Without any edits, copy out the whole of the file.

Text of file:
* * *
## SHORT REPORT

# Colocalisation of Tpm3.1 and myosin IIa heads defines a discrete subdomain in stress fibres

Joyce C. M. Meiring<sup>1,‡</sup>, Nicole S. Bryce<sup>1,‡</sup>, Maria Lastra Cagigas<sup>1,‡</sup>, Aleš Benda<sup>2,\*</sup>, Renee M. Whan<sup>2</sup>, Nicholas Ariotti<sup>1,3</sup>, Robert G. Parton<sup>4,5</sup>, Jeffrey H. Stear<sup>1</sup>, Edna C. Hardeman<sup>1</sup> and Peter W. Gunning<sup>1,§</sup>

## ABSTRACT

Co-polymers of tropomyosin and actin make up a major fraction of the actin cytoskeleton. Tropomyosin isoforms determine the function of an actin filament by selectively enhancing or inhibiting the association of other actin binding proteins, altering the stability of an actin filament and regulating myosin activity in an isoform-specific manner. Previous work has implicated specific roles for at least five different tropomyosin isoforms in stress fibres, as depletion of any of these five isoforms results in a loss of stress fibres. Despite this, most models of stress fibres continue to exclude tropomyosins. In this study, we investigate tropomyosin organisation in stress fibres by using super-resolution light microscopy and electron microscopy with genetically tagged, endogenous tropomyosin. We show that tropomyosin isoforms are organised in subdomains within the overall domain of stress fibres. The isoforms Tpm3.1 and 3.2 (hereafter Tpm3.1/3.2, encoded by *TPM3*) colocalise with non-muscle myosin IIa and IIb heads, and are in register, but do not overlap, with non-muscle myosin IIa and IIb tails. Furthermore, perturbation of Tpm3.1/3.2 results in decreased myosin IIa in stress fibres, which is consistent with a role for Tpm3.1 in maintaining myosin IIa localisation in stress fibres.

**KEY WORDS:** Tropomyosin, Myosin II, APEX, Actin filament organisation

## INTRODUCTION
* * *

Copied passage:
## SHORT REPORT

# Colocalisation of Tpm3.1 and myosin IIa heads defines a discrete subdomain in stress fibres

Joyce C. M. Meiring<sup>1,‡</sup>, Nicole S. Bryce<sup>1,‡</sup>, Maria Lastra Cagigas<sup>1,‡</sup>, Aleš Benda<sup>2,\*</sup>, Renee M. Whan<sup>2</sup>, Nicholas Ariotti<sup>1,3</sup>, Robert G. Parton<sup>4,5</sup>, Jeffrey H. Stear<sup>1</sup>, Edna C. Hardeman<sup>1</sup> and Peter W. Gunning<sup>1,§</sup>

## ABSTRACT

Co-polymers of tropomyosin and actin make up a major fraction of the actin cytoskeleton. Tropomyosin isoforms determine the function of an actin filament by selectively enhancing or inhibiting the association of other actin binding proteins, altering the stability of an actin filament and regulating myosin activity in an isoform-specific manner. Previous work has implicated specific roles for at least five different tropomyosin isoforms in stress fibres, as depletion of any of these five isoforms results in a loss of stress fibres. Despite this, most models of stress fibres continue to exclude tropomyosins. In this study, we investigate tropomyosin organisation in stress fibres by using super-resolution light microscopy and electron microscopy with genetically tagged, endogenous tropomyosin. We show that tropomyosin isoforms are organised in subdomains within the overall domain of stress fibres. The isoforms Tpm3.1 and 3.2 (hereafter Tpm3.1/3.2, encoded by *TPM3*) colocalise with non-muscle myosin IIa and IIb heads, and are in register, but do not overlap, with non-muscle myosin IIa and IIb tails. Furthermore, perturbation of Tpm3.1/3.2 results in decreased myosin IIa in stress fibres, which is consistent with a role for Tpm3.1 in maintaining myosin IIa localisation in stress fibres.

**KEY WORDS:** Tropomyosin, Myosin II, APEX, Actin filament organisation

## INTRODUCTION